“I’ve got the best job in the world,” he says, sipping a coffee in his office above Edinburgh’s legendary Italian deli, Valvona & Crolla, which he has run since 1986.
Given that among his duties he appears to be taster-in-chief, fans of the family-owned firm’s vast stocks of artisan produce will be inclined to agree. And if he’s not turned the family business into a national retailer, it’s because he prefers to be “a large fish in a small pond” and not for want of opportunities. In Edinburgh Valvona & Crolla is certainly a household name, and Contini, who joined the business at the age of 17, has seen it grow from a single shop staffed by family members to a multiple outlet operation employing 100 staff.
He has just returned from a buying trip to Italy. Bags of carnaroli rice and lentils litter the desk, but he is most excited about the dried mushrooms. What Italian wouldn’t be? In fact, Contini was born in Edinburgh and speaks with a light Scottish accent, but was immersed in Italian culture and cuisine from an early age, spending many months every year in his father’s native Naples. It stood him in good stead when he started work in 1971, as his trips revealed a change in culture that also signalled a new path for Valvona & Crolla.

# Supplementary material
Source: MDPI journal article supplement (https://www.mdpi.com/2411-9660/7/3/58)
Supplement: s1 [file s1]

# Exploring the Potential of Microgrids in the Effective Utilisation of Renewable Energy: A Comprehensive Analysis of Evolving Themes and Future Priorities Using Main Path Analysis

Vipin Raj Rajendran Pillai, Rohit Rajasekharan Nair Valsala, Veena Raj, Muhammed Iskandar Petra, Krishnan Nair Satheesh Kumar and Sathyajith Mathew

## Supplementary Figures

“There was a revolution going on in Italy, they were rediscovering their produce and returning to smaller producers,” he recalls.
At the time the Elm Row store was still focused on the “stack ‘em high, sell ’em cheap” approach that had proved popular with continental immigrants and old soldiers of the Italian campaign after the Second World War.
“As I travelled more in Italy on buying trips I realised that what we sold here in the 1970s wasn’t representative of what was going on in Italy,” says Contini. “At Christmas we had crates of beer piled high outside, competing with the off-licences and making a couple of pence on a crate. We had far less variety of produce than we do now and much smaller margins.”
With the supermarket chains starting to bring affordable Continental produce to the UK on a large scale, it was fortunate for the business that Contini guided it down the road of high quality, premium produce. By the time the older generation of the family retired a decade later, the firm had been transformed. It’s a rejuvenation process that he sees time and again at the Italian producers he deals with.
“We buy from small artisan producers who have the same outlook and philosophy as we have,” he says. “If we are lucky, a son or daughter will come in and rejuvenate the firm – that’s always an interesting time. They come in armed with energy and learning and apply that to the traditional ideas behind the business. That happened in our company.”
He’s not referring to his own turnaround of the business in the 1970s, but to his daughter Francesca, who gave up a career in pharmacy to help the firm finally branch out beyond the deli set up by the eponymous immigrants in 1934.
A restaurant soon followed that first cafe, and then a deal to run food halls and refreshment stops in House of Fraser’s Edinburgh department stores.